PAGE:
Truth — does it always matter? We’re so obsessed with fake news and lying politicians and foreign and domestic manipulators of fact these days that it’s easy to forget that truth doesn’t always matter.
OK, it matters a lot, but not always. I know this — well, actually, I think this — because of a class action lawsuit filed in Los Angeles last week by three different law firms from around the country against Asahi Beer U.S.A., Inc., for allegedly misleading consumers.
It seems that Asahi sells Asahi Super Dry beer in packaging with Japanese references, words and characters.
But it’s brewed in Canada.
“Plaintiffs and other consumers have reasonably relied on defendant’s deceptive advertising in purchasing the product, believing that the product was brewed in Japan,” the suit said.
Imagine their disappointment when they tasted the beer and realized it was Canadian.
Really, try to imagine it, because I can’t.
It gets weirder. According to the complaint, someone recently conducted a national survey of more than 1,000 people that showed 86 percent of them thought the beer, based on the packaging, was brewed in Japan.
There’s no mention of what percentage of them cared.
Who would commission a survey to find this out?
Why would someone commission a survey to find this out?
Had they been heavily drinking before beginning the survey?
The lawsuit claims that if consumers had known the beer wasn’t brewed in Japan, they wouldn’t have bought it, or would have paid significantly less. The suit wants restitution of this unjust enrichment.
I like beer, but I have no idea whether there’s a premium on Japanese-brewed beer. So, naturally, I took to the internet to price beer. A six-pack of Asahi Super Dry goes for $8.99 at one popular liquor site. I guess that’s a bit high for a six-pack, but is the price for the quality of the contents or the nonexistent shipping from Japan?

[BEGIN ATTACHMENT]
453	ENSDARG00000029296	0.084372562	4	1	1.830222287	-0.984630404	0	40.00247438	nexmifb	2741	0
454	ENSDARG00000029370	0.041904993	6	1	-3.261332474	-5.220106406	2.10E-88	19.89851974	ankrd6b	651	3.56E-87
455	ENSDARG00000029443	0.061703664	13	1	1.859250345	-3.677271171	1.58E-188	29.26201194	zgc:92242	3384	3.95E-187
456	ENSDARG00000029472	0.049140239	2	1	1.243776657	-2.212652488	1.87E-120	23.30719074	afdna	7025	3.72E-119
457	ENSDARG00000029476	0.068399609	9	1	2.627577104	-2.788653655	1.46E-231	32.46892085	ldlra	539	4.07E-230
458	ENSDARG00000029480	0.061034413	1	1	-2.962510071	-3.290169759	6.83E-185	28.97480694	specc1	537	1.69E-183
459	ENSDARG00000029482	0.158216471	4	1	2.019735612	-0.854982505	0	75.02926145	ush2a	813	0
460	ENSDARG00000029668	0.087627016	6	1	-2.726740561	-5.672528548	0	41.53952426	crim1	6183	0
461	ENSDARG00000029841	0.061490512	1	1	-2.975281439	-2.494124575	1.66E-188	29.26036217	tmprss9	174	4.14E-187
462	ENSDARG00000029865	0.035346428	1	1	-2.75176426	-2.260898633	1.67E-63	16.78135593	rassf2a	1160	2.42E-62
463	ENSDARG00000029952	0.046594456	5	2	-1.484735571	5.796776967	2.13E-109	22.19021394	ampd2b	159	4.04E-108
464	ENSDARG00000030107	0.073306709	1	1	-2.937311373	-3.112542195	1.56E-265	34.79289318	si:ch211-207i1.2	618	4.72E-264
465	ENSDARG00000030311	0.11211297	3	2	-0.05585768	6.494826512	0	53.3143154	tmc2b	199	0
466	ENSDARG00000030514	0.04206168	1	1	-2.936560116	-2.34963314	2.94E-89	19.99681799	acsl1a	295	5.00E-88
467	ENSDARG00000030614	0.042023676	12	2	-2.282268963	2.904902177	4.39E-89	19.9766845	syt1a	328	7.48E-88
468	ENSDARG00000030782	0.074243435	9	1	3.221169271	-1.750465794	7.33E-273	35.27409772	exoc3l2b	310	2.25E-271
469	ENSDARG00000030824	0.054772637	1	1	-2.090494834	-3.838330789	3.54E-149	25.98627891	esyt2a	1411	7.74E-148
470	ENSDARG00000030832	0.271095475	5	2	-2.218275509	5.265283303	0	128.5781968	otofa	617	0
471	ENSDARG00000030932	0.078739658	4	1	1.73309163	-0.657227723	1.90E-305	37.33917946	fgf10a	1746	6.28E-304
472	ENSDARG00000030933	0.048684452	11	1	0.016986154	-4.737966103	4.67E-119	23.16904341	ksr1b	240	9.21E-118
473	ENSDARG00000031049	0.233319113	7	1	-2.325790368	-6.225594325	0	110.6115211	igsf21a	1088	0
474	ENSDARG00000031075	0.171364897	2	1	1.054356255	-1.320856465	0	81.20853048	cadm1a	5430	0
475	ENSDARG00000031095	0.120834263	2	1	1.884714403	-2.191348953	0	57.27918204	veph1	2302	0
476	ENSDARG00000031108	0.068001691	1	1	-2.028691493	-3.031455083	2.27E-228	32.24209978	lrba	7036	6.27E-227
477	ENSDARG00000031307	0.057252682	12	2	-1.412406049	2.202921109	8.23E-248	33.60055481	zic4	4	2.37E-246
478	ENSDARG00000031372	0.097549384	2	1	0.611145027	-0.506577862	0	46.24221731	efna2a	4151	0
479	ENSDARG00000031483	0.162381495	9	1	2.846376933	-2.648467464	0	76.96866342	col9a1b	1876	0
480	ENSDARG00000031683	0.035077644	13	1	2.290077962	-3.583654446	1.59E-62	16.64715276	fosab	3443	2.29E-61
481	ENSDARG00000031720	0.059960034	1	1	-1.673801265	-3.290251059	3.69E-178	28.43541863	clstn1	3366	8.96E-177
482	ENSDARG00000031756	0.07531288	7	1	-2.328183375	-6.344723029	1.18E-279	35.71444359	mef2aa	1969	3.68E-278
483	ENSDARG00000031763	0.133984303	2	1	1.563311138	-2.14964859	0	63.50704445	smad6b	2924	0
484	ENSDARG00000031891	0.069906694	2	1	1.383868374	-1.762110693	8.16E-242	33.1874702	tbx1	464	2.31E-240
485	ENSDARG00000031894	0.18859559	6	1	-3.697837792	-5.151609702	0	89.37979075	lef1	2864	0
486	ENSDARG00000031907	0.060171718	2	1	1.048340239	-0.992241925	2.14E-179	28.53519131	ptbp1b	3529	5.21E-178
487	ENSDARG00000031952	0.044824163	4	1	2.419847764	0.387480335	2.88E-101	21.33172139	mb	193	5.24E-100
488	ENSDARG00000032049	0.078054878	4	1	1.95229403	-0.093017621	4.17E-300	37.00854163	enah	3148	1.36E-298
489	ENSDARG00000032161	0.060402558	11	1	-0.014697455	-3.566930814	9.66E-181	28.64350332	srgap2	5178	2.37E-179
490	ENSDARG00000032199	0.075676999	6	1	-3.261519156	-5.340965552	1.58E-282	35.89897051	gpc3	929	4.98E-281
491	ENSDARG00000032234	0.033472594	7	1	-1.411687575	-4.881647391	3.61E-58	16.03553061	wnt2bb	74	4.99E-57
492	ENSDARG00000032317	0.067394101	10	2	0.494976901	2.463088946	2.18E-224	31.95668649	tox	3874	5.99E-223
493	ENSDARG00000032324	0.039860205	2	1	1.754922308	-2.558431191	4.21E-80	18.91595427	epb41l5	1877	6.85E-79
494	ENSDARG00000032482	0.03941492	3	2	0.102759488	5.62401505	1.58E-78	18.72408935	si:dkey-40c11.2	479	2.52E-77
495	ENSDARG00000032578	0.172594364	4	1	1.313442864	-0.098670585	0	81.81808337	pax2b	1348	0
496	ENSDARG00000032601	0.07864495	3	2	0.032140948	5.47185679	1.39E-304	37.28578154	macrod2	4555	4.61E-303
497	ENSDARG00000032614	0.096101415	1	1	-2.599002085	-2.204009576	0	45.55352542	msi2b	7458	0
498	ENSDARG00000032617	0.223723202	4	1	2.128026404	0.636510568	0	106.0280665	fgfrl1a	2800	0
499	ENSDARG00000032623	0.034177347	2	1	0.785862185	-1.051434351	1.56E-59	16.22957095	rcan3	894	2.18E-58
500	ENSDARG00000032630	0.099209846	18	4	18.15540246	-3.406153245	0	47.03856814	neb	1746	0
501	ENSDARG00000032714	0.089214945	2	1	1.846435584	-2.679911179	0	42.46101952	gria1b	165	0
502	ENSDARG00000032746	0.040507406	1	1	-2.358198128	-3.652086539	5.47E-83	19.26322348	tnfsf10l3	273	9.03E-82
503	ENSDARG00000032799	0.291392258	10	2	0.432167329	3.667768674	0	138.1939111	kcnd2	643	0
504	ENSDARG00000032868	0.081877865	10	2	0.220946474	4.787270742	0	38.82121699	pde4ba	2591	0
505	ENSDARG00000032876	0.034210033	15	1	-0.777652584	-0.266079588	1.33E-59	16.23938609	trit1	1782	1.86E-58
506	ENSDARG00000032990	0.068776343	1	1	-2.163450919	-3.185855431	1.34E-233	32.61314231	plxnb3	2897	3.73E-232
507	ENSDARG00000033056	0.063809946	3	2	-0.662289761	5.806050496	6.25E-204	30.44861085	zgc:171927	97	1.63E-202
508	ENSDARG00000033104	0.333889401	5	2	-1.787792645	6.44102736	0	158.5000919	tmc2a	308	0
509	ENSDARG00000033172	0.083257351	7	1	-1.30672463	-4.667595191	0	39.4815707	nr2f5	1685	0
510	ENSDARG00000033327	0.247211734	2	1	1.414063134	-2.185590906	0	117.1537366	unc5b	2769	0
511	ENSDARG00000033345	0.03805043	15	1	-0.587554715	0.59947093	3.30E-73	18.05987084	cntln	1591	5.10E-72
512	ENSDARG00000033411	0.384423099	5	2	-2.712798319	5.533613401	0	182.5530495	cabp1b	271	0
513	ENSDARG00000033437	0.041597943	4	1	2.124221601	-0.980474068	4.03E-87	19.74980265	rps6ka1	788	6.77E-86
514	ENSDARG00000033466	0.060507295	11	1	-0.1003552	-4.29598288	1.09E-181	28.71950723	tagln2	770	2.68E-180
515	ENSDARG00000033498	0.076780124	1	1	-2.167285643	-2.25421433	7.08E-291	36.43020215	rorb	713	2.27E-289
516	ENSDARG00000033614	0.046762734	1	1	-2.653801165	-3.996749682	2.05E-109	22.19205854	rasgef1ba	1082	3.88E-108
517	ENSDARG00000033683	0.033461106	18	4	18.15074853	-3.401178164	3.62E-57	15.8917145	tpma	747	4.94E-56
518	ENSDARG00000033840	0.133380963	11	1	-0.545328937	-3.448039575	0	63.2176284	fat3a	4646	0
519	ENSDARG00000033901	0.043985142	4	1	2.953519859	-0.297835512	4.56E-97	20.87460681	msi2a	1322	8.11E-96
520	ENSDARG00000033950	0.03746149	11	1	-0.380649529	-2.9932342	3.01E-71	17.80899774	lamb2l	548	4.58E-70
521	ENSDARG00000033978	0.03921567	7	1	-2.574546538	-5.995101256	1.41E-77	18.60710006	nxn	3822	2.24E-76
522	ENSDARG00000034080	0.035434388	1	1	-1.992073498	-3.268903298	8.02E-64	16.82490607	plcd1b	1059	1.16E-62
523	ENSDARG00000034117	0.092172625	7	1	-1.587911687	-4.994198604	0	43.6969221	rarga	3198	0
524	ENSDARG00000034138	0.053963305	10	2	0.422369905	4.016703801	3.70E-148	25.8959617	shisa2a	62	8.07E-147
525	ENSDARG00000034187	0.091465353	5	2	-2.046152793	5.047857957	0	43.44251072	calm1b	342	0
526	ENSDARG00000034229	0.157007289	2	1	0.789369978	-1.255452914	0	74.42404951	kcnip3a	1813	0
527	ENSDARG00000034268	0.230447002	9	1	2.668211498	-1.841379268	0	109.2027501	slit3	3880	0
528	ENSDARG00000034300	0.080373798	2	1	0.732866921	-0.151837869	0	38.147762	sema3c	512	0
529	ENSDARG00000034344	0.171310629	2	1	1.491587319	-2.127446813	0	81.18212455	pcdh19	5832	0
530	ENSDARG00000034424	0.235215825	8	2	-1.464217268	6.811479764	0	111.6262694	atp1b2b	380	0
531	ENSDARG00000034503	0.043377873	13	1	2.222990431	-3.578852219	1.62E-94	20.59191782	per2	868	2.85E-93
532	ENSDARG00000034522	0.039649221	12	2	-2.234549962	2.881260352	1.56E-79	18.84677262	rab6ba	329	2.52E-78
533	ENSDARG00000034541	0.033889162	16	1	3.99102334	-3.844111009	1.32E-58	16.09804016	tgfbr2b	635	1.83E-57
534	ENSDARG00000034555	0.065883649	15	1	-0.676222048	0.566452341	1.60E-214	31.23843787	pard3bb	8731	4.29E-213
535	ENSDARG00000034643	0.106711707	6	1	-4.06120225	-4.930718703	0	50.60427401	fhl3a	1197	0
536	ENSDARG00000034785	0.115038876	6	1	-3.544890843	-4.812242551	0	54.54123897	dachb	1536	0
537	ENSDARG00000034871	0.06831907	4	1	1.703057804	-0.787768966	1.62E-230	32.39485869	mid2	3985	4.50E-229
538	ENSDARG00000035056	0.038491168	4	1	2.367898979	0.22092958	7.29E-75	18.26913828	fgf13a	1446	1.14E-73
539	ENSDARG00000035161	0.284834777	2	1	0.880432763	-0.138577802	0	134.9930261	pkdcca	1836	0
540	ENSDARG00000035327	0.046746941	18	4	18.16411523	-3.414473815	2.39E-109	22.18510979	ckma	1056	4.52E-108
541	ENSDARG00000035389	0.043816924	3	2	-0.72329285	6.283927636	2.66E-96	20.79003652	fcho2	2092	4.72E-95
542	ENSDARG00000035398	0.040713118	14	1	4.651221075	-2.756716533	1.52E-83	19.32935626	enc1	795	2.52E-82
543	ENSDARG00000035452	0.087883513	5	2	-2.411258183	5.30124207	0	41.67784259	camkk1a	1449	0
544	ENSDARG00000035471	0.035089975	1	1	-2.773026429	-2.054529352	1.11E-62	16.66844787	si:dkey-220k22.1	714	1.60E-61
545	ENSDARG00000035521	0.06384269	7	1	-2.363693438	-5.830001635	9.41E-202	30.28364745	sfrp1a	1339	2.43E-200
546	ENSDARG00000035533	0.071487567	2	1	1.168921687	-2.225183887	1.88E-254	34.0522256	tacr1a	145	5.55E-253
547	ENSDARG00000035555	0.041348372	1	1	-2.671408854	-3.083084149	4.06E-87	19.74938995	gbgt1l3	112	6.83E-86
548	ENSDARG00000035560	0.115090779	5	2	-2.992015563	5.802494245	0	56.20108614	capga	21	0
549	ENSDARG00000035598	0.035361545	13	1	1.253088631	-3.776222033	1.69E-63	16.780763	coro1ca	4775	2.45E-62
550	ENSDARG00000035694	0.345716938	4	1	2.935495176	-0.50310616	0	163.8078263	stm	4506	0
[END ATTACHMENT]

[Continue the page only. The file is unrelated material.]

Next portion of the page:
Reviews online are decidedly mixed. Thisdrinkinglife.com, for example, said, “Generally tasteless, not great at all, actually feel cheated. It says on the label beer, but this tastes like bottled water.”
That might be because the stuff was made with Canadian water. According to the lawsuit, “the Osaka prefecture (where the Japanese version is made) is known for its good quality spring water, which is influential in the taste and quality of the beer.”
So maybe a class action should have been about the taste, but this one couldn’t have been because, the lawsuit said, one of the plaintiffs bought the beer at “multiple locations” around June through August of 2015. He didn’t stop buying it until he found out it wasn’t imported from Japan. The other named plaintiff bought his beer in 2016. Apparently, it takes a while to brew a good lawsuit.
Maybe this shouldn’t be so perplexing. After all, we’ve had lots of lawsuits over products labeled “Made in America” that contain parts made elsewhere. We should have the right to contribute to the economies of our choice.
I can’t help picturing the scene in a lawyer’s office one day when a distraught client came in with the stunning revelation that he’d been duped into drinking beer that was Canadian and not Japanese. The immediate reaction: Class action! Justice must be served!
Preferably ice cold.
Another white lie? A Michigan Court of Appeals panel last week issued a ruling on another test of the value of truth — this time in an employment case. This is what the ruling said: “In her application materials, Buol falsely represented that she had earned a bachelor’s degree from the University of Wisconsin. Buol worked for defendant for the next 23 years, ultimately achieving the position of Chief Operating Officer (COO).”
The employer is now complaining, but how damaged was the employer by this lie?
Before you answer, consider how many people with legitimate degrees do terrible jobs and don’t end up as COOs. So what exactly are the damages to the company here?
The court, in case you’re wondering, didn’t have an answer and sent the question back down to the trial court to think about. Those of you interested in philosophy may want to follow this.